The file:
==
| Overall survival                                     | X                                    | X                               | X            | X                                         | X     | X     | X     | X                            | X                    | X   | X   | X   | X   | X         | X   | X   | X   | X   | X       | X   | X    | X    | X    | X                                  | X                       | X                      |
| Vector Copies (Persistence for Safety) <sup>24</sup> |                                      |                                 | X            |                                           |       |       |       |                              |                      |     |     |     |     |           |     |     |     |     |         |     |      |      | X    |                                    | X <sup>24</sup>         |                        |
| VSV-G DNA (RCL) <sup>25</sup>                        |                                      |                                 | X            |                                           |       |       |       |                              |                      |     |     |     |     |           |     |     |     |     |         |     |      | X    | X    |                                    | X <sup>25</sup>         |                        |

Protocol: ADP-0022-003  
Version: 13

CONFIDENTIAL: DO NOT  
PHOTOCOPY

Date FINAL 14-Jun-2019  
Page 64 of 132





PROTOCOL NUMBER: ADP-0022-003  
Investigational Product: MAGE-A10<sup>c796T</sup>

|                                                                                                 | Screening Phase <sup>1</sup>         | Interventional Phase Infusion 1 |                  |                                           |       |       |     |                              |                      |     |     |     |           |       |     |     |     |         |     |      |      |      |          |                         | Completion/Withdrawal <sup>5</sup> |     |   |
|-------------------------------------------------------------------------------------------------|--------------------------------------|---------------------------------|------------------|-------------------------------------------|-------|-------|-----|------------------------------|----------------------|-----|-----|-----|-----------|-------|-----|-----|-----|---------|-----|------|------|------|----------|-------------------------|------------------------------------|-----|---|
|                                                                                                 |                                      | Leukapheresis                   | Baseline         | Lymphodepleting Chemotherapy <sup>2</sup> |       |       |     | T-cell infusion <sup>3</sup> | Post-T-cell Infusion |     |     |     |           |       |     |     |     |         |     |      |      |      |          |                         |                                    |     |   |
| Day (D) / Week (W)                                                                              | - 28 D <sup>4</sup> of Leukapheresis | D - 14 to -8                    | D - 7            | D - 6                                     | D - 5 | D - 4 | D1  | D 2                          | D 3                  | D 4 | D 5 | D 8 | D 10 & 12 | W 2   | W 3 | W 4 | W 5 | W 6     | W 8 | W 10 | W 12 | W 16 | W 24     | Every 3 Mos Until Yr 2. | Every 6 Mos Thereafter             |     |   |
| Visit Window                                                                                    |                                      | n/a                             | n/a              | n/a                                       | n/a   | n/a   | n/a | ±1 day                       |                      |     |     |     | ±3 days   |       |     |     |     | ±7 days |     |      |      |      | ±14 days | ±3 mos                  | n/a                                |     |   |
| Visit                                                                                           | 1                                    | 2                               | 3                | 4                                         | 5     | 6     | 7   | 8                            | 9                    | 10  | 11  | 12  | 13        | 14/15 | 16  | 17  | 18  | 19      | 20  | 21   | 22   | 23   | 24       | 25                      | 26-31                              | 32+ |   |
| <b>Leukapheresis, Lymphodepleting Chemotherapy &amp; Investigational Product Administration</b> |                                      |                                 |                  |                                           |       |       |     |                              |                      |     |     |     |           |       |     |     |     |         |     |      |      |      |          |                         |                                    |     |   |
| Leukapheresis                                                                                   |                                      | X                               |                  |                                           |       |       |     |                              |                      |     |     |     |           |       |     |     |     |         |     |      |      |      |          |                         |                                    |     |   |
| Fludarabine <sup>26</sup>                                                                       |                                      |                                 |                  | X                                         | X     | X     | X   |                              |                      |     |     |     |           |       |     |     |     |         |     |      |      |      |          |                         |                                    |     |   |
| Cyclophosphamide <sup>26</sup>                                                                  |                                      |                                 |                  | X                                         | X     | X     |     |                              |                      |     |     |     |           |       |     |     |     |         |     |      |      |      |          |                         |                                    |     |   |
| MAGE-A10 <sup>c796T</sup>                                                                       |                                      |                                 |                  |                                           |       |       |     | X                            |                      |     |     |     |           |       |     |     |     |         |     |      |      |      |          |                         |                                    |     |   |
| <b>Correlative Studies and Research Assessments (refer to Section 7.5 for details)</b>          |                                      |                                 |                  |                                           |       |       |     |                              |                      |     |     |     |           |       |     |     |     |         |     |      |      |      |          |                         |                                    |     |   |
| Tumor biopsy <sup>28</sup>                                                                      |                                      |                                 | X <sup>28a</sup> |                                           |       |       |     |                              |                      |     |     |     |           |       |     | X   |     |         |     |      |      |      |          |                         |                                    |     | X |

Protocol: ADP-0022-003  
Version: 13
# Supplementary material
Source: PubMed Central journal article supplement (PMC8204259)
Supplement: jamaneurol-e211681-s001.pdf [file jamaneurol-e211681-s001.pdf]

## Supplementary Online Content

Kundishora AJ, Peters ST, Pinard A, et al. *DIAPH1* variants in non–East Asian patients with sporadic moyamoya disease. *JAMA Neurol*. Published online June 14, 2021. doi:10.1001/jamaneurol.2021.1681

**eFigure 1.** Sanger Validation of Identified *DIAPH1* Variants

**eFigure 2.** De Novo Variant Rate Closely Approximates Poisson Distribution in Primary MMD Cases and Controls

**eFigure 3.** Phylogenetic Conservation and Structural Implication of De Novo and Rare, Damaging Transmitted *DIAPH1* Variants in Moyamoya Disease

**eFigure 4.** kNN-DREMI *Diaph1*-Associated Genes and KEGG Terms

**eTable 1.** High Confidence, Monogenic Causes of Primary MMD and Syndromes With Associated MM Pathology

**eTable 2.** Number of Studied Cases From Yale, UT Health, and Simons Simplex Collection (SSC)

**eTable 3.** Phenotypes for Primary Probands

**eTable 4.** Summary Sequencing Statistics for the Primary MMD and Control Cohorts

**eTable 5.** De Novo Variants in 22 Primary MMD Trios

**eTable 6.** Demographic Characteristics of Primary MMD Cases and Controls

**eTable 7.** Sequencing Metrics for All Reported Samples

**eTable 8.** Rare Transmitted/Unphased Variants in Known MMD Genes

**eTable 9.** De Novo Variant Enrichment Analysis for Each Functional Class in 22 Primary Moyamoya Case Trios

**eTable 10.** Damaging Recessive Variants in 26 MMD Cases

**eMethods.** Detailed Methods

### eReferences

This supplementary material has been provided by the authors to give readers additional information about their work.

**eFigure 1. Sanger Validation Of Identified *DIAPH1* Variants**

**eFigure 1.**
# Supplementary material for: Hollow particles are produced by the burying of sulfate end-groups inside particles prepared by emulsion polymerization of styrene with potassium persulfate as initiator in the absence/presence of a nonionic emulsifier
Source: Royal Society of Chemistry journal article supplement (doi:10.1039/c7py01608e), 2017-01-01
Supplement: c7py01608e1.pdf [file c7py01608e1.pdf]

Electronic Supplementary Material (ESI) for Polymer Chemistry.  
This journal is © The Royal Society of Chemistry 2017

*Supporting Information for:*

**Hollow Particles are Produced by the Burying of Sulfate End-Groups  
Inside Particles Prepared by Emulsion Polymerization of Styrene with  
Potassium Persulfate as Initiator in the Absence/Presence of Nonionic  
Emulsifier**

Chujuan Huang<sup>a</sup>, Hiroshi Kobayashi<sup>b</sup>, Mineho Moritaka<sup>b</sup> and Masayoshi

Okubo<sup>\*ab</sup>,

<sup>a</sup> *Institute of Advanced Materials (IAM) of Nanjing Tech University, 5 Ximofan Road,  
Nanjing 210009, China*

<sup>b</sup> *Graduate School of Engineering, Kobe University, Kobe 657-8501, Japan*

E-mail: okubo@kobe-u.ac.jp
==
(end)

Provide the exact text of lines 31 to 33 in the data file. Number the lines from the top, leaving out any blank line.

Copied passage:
Kundishora AJ, Peters ST, Pinard A, et al. *DIAPH1* variants in non–East Asian patients with sporadic moyamoya disease. *JAMA Neurol*. Published online June 14, 2021. doi:10.1001/jamaneurol.2021.1681

**eFigure 1.** Sanger Validation of Identified *DIAPH1* Variants

**eFigure 2.** De Novo Variant Rate Closely Approximates Poisson Distribution in Primary MMD Cases and Controls